I ignored my body signals – earache (which turned out to be TMJ from grinding my teeth unconsciously due to stress), headaches and joint pain. General exhaustion symptoms were just part of the teaching package so I believed. I thought all teachers felt this shattered. After all I was deeply nourished being a teacher. I loved teaching. I had great colleagues, supportive mentors and I adored the connection with my students. I felt profoundly fulfilled helping my students progress and develop into confident young people. My heart was singing but my body was not.

By the end of term two I knew something was wrong. By the end of term three I was diagnosed with a serious condition (undoubtedly brought on by suppressed stress) and was admitted to hospital for major surgery. I missed my long awaited and well deserved summer holiday and was not fit to return to school until the second half term. 

Looking back that was way too soon, but I didn’t want to let my colleagues and students down any further. I had plenty of time to reflect on what I had done to myself. I had ignored my body signals and let my mind override common sense. I had literally burnt myself out.

Finding a work-life balance

I knew I had to find a way to balance my passion for teaching with sensible healthy choices about working. I needed to rest! I needed to establish a personal practice that would ensure my health and well-being and sustain my teaching career. I learnt meditation, deep relaxation techniques and began to study personal development, cellular healing modalities and Mindfulness. 

Over time I incorporated these strategies into my everyday life to help support my mind and body – having learnt the hard way that it was essential mind and body worked together – each listening to the other.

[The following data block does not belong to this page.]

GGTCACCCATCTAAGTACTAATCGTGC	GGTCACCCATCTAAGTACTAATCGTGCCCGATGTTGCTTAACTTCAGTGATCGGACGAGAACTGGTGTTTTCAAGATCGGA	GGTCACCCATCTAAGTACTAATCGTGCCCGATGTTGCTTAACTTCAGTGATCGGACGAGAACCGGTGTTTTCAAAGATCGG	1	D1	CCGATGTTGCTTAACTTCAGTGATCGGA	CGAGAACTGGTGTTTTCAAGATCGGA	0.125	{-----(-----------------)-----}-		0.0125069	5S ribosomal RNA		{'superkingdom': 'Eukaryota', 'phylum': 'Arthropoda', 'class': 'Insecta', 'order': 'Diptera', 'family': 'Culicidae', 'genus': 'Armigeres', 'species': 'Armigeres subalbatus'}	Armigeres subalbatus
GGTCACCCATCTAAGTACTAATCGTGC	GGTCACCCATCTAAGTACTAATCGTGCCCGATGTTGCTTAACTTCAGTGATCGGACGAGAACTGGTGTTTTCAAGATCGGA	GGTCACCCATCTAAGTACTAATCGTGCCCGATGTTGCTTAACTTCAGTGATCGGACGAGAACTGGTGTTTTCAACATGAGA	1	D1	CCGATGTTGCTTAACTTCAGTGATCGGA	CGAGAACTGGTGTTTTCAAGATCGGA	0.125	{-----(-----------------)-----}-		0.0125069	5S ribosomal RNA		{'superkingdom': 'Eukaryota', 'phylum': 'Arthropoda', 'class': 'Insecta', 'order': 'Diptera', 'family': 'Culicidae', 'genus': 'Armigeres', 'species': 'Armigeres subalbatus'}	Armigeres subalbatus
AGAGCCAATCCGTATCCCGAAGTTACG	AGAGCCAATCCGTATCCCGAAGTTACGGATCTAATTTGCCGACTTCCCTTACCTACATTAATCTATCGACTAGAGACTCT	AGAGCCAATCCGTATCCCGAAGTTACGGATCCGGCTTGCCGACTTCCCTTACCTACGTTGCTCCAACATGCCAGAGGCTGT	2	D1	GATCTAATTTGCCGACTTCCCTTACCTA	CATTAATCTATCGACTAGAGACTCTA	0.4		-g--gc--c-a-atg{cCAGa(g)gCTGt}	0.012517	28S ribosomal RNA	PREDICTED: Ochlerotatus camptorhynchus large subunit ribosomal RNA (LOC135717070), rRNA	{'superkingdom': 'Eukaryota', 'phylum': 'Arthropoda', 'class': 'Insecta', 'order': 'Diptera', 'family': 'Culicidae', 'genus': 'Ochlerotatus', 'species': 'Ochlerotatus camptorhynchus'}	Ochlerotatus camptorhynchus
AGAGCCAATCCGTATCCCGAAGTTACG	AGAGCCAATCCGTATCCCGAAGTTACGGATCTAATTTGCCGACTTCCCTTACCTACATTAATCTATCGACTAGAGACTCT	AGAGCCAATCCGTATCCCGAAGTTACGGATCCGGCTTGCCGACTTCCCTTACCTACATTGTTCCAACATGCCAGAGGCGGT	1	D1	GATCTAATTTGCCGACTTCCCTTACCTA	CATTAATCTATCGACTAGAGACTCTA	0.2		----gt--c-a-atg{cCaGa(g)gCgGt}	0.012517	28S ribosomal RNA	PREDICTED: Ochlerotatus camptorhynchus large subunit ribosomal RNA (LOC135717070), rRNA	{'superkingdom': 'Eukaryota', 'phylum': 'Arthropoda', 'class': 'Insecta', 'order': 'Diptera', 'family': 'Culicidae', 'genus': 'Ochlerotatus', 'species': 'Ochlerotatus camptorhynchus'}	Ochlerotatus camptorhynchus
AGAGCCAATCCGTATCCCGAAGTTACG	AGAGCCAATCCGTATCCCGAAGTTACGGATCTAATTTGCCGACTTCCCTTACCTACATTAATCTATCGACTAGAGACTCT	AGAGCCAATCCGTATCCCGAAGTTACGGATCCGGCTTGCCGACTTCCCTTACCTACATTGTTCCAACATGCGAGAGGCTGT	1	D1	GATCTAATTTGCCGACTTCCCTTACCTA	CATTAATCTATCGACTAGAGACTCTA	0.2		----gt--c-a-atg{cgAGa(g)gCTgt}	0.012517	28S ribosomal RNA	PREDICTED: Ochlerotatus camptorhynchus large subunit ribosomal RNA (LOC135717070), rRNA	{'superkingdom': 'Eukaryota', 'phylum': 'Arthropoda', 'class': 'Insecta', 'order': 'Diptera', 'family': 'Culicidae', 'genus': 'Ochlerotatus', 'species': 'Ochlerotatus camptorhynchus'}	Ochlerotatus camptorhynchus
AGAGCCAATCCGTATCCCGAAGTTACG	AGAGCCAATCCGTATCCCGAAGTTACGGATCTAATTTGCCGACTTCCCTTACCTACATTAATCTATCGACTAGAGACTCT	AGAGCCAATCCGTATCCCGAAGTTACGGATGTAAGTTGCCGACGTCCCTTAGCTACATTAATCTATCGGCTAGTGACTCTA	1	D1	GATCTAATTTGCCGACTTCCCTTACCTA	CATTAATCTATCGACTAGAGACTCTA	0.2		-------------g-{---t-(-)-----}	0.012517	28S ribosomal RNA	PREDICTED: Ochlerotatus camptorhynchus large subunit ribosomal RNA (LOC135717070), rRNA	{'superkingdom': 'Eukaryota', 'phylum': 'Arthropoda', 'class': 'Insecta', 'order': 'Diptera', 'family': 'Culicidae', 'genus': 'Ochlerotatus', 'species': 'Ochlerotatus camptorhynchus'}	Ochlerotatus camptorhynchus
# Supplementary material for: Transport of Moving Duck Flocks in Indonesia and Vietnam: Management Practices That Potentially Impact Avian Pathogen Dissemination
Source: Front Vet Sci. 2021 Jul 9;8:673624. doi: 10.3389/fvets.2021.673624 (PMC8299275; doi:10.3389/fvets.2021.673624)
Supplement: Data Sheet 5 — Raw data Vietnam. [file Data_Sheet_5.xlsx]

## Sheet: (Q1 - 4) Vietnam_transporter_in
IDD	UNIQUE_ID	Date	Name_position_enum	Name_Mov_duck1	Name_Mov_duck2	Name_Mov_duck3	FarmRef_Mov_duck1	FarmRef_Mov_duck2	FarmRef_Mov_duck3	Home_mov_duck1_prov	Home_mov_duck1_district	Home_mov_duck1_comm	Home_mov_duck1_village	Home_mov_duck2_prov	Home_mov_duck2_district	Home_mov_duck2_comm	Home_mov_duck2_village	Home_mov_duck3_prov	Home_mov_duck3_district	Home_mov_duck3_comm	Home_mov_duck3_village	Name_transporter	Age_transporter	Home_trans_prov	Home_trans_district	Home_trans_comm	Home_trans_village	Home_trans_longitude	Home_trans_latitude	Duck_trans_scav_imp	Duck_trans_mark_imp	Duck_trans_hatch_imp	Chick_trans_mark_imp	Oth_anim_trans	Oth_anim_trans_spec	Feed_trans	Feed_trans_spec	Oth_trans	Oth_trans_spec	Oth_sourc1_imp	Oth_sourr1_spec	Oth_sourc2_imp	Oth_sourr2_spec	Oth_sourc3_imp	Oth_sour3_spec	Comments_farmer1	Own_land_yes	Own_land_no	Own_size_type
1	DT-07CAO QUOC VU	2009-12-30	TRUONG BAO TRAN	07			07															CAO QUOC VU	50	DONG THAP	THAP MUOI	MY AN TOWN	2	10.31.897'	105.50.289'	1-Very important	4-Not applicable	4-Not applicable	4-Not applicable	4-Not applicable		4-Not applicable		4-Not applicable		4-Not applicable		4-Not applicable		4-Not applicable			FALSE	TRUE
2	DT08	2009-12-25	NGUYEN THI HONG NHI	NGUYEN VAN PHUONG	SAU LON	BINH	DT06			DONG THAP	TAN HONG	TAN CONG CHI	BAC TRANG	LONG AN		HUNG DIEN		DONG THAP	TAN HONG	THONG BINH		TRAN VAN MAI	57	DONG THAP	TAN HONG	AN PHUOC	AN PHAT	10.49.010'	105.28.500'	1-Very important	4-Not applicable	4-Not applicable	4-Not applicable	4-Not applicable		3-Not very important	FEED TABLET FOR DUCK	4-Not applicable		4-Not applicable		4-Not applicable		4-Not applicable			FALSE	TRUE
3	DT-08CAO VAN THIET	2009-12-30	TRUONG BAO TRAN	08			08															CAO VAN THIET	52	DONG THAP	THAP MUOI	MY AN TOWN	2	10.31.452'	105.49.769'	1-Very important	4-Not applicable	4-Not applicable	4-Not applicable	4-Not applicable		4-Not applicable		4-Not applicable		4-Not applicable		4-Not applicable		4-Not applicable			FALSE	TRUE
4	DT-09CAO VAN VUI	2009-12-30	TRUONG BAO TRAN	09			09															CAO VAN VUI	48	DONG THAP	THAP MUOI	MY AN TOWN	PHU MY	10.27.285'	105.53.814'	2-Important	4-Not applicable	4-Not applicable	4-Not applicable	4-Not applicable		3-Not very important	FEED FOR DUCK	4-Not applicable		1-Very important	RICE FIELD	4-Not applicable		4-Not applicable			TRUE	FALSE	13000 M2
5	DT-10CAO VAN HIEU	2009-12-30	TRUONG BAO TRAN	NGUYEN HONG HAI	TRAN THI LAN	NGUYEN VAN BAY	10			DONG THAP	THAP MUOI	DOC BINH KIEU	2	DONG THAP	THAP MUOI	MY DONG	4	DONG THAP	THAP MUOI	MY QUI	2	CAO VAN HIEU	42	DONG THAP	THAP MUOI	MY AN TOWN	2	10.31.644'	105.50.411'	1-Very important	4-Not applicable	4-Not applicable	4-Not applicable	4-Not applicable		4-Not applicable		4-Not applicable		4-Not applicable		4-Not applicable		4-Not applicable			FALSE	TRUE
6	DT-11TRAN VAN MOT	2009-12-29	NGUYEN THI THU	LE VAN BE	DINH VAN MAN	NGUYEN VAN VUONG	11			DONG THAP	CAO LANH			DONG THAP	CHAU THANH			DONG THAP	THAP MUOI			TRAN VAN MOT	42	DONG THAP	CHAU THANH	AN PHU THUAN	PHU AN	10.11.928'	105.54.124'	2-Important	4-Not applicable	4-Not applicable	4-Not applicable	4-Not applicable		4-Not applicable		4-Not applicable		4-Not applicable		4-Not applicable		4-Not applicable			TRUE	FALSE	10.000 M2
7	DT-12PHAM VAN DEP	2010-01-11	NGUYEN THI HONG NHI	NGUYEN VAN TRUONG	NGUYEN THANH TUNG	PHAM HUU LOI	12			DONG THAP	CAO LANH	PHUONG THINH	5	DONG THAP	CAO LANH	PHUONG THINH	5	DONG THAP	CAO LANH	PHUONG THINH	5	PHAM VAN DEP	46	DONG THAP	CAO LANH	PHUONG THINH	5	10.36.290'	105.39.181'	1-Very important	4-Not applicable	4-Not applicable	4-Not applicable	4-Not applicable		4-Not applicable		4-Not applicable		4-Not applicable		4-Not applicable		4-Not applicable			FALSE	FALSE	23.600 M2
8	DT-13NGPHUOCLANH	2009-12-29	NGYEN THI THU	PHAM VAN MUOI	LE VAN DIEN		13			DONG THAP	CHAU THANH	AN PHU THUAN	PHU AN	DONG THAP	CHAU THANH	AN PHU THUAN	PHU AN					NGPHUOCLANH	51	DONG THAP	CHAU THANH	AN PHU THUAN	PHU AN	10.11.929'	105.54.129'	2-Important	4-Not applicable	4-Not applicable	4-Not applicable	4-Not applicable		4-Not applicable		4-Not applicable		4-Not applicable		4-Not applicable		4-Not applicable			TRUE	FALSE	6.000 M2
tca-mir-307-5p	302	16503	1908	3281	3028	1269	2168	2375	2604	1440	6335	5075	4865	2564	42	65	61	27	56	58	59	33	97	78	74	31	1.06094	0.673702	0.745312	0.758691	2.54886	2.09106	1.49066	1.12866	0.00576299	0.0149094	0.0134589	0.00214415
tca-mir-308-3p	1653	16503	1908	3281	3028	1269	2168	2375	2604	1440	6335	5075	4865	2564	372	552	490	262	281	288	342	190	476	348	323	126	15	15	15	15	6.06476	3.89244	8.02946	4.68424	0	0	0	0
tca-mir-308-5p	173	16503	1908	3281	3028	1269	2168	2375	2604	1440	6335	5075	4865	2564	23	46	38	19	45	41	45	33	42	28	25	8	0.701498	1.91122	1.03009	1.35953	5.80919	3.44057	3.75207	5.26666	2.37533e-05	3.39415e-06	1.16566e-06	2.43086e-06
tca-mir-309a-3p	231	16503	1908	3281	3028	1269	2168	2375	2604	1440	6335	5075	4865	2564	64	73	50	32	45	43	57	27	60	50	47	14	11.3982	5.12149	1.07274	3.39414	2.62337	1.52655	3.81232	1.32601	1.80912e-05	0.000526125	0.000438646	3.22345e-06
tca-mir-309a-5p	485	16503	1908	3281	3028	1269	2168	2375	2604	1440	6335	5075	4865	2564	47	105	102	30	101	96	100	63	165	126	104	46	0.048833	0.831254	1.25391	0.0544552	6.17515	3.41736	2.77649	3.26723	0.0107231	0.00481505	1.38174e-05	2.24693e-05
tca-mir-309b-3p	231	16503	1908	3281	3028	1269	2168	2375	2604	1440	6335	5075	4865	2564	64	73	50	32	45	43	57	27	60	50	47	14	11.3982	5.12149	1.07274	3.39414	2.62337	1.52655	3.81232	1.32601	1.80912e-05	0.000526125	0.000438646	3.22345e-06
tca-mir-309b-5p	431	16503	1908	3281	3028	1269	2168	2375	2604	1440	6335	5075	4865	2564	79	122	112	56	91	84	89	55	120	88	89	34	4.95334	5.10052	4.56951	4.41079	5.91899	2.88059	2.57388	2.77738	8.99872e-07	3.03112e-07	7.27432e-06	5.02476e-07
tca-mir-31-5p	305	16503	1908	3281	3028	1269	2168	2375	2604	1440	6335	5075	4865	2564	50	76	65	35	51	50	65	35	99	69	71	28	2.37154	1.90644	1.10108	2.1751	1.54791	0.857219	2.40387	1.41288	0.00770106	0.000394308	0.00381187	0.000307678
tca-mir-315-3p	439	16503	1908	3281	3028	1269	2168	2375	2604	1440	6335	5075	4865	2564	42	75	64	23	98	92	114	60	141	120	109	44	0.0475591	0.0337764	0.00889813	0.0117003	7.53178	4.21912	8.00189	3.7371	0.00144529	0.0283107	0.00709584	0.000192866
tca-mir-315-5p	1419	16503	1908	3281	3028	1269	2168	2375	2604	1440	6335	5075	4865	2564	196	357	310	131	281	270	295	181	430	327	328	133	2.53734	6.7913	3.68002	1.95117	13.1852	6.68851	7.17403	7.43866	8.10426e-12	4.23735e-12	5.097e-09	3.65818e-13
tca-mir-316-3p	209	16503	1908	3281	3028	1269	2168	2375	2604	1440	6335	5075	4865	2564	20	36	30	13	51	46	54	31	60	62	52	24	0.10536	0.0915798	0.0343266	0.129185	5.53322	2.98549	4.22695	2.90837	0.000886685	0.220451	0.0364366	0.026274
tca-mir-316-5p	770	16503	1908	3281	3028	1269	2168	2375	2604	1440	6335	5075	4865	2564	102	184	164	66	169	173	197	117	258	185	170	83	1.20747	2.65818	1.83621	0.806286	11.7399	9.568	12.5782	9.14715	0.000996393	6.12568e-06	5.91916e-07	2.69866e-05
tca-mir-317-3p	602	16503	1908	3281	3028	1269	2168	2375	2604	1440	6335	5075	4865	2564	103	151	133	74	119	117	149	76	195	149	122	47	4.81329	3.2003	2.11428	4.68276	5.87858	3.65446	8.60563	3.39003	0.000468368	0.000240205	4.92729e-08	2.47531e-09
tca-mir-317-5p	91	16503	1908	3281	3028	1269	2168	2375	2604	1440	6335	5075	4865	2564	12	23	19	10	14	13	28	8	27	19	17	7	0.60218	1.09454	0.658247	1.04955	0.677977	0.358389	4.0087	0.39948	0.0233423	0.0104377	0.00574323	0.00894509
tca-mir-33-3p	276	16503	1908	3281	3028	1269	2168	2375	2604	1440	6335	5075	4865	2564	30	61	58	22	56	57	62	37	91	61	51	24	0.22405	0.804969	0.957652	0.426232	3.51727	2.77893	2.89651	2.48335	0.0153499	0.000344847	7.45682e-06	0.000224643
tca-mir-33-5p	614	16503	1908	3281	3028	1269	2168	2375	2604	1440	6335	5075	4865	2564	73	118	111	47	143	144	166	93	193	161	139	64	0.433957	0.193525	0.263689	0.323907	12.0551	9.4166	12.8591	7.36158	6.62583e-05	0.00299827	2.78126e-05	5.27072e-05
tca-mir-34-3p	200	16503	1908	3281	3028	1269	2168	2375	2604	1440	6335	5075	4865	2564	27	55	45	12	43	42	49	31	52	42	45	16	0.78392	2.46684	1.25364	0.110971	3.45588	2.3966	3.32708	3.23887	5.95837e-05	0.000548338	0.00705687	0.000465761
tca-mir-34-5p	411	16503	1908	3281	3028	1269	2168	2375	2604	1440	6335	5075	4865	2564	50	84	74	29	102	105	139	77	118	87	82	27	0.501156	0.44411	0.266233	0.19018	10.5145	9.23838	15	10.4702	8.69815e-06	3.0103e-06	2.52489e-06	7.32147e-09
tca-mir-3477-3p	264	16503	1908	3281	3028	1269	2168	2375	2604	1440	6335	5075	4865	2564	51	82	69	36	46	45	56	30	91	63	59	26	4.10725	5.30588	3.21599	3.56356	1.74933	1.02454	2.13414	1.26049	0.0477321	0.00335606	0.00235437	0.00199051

Year after year I watch teachers cough and sneeze their way to Christmas, drag their bodies to Easter and crawl their way through the exam period to the end of the year. It is common practice to skip lunch, rarely get a drink, take a break and wait till the very last moment to go to the loo! 

It sounds ridiculous – but I wonder how many urine infections occur because of this bad practice? Teacher’s immune systems take a hammering just by the very nature of their environment. I could teach up to 210 students a day – that’s a lot of germs to fight. Teachers rarely take time off sick because of the impact it has on their colleagues and student learning. Instead they soldier on, like it doesn’t matter, like they don’t matter - just like I did, until it is too late.

This is one of the reasons for writing my book 'Every Teacher Matters – Inspiring Well-Being through Mindfulness.' It reminds teachers that they are the most valuable resource in education and how important their well-being is to the effectiveness of successful learning in school. 

Teachers deserve to be in a supportive structure that helps rather than hinders their well-being. If teachers are fit and well in mind and body then they can teach and inspire young people to the highest standards. I know I’m a much better teacher (kinder, calmer, more patient) when I’ve had a relaxing evening, been to a yoga class, had a hot bath and a good night’s sleep. It’s time to bring all teachers back into balance....

How we can help

 Help for individuals  

Sometimes work (or just life) can be tough. A challenging student, an Ofsted inspection, personal financial worries; there are many stresses on those who work in education. That’s why we offer free, confidential help and support, no matter what your problem.

Help for organisations 

Working in education is demanding so we’ve designed a set of services to help you check how your teams are coping, troubleshoot problems and boost everyone’s wellbeing.

This post was originally posted here

To find out more on How to Achieve a Good Work-Life Balance, take a look at our infographic with tips and tricks to help you keep work stress in check.